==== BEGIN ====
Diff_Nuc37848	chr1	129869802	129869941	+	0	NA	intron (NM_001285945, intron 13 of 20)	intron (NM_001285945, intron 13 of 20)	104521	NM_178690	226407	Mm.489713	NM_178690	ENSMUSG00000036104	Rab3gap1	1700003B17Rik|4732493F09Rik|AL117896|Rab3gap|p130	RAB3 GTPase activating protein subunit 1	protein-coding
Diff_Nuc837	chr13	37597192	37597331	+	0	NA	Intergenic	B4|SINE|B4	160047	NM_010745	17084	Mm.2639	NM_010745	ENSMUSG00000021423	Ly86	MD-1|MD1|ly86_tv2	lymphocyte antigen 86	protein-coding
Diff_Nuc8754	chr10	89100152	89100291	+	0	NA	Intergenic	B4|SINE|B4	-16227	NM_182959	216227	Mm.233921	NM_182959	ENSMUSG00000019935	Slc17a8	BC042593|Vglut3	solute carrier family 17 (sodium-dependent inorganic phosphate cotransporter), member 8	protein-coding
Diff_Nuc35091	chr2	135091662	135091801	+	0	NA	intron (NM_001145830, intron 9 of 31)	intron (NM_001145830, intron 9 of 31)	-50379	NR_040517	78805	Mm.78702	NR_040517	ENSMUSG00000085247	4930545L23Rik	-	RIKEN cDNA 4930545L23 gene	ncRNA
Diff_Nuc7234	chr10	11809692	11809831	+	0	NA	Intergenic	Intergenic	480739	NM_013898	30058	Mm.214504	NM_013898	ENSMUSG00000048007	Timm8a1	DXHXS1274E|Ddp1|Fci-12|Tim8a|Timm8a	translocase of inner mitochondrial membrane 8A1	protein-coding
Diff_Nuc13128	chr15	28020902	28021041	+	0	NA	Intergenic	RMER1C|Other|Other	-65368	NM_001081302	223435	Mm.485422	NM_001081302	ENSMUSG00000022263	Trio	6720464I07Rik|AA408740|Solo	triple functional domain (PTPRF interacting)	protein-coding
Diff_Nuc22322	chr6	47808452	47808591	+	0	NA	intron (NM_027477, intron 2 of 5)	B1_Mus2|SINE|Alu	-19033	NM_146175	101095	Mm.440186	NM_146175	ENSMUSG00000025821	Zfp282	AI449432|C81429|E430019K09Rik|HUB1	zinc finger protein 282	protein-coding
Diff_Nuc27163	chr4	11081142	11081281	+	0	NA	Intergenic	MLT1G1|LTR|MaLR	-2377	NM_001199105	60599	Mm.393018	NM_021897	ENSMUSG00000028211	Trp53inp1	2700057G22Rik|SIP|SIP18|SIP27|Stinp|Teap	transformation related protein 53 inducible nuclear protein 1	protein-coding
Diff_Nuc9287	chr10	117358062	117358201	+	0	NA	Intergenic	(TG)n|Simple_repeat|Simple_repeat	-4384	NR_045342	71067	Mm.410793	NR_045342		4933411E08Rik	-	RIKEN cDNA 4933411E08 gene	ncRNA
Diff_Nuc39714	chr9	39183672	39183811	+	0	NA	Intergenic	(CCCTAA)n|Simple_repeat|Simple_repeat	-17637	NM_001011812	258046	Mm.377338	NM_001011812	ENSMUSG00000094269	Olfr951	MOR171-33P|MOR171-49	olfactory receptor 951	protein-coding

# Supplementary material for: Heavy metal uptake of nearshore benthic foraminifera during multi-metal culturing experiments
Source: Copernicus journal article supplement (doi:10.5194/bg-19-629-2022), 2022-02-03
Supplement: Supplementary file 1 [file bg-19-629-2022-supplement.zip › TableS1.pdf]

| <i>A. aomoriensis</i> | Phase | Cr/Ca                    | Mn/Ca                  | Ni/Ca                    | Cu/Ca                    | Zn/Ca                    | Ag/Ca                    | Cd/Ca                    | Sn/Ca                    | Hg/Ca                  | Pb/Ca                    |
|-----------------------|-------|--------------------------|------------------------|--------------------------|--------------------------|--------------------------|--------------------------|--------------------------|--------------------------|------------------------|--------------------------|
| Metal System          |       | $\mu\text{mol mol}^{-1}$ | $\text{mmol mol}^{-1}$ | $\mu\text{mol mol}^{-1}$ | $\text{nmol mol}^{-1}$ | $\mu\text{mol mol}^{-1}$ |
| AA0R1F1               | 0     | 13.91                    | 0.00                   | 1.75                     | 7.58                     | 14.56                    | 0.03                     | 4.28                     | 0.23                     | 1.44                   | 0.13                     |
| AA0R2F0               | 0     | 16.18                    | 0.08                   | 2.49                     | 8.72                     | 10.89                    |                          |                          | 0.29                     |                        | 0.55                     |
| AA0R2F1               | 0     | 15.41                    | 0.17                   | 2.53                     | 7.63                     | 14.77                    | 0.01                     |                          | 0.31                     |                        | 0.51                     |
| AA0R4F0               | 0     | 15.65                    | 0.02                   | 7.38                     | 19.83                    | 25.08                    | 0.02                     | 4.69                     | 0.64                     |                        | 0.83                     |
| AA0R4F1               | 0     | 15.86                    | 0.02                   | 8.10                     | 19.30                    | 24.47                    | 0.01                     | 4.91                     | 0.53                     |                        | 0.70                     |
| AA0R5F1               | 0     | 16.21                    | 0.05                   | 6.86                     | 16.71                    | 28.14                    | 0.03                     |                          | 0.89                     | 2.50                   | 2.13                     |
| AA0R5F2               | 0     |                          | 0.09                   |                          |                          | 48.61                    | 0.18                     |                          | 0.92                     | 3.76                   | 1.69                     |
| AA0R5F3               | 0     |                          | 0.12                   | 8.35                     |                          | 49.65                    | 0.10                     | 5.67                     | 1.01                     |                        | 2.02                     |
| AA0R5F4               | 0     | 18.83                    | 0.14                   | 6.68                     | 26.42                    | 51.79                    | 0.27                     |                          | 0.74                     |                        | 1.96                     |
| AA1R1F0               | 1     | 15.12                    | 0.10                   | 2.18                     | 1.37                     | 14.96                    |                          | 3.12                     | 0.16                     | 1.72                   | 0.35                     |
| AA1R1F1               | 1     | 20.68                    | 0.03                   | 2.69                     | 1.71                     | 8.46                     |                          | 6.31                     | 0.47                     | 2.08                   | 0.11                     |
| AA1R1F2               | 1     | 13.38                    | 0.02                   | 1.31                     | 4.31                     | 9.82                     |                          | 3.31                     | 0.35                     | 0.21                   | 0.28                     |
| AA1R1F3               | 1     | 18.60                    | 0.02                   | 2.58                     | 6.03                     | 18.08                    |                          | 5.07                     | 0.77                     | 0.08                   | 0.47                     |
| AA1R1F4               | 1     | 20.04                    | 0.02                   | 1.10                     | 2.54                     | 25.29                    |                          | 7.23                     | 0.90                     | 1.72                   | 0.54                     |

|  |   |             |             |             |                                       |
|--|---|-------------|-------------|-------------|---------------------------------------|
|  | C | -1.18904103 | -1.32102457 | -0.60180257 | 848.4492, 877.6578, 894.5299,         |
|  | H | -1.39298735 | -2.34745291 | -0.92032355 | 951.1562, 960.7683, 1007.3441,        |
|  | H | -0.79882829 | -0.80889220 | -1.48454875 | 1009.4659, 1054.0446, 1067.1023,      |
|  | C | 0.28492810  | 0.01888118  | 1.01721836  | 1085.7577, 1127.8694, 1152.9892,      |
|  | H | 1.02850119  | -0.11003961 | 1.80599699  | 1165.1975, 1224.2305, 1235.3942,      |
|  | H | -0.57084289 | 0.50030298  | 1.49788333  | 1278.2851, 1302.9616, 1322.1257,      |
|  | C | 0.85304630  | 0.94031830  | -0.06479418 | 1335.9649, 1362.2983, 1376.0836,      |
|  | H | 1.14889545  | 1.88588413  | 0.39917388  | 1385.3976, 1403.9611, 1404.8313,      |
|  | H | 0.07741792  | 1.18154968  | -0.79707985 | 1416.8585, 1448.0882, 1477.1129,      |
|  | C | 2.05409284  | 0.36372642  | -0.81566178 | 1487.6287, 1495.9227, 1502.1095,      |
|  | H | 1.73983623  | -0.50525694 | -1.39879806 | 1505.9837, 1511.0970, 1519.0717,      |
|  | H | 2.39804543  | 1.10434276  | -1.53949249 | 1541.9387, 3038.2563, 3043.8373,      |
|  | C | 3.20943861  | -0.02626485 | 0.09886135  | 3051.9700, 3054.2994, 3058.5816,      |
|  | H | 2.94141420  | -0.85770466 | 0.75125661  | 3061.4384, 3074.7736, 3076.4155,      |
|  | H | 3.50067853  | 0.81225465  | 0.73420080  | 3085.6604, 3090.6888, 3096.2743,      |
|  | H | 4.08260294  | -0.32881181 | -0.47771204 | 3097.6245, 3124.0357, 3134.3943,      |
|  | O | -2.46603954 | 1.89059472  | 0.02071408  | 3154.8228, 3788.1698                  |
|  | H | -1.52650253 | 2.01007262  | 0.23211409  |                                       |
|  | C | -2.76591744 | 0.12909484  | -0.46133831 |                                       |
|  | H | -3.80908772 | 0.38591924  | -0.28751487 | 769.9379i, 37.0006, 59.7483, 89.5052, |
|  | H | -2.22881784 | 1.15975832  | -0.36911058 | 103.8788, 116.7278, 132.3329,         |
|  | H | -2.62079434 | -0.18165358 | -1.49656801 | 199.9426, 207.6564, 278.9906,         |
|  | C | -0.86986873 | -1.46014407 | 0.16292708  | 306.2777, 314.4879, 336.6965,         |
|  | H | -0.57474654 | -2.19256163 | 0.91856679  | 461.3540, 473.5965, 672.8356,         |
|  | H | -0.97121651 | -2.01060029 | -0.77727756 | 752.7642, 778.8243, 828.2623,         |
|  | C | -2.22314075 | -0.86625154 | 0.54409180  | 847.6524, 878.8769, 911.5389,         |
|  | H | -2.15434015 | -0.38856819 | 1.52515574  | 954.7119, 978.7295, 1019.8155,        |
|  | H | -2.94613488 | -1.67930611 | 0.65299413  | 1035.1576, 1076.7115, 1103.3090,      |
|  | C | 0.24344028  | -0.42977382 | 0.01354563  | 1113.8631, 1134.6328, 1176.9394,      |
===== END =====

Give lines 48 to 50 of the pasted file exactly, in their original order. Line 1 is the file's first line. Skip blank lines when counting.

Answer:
|  | H | 4.08260294  | -0.32881181 | -0.47771204 | 3097.6245, 3124.0357, 3134.3943,      |
|  | O | -2.46603954 | 1.89059472  | 0.02071408  | 3154.8228, 3788.1698                  |
|  | H | -1.52650253 | 2.01007262  | 0.23211409  |                                       |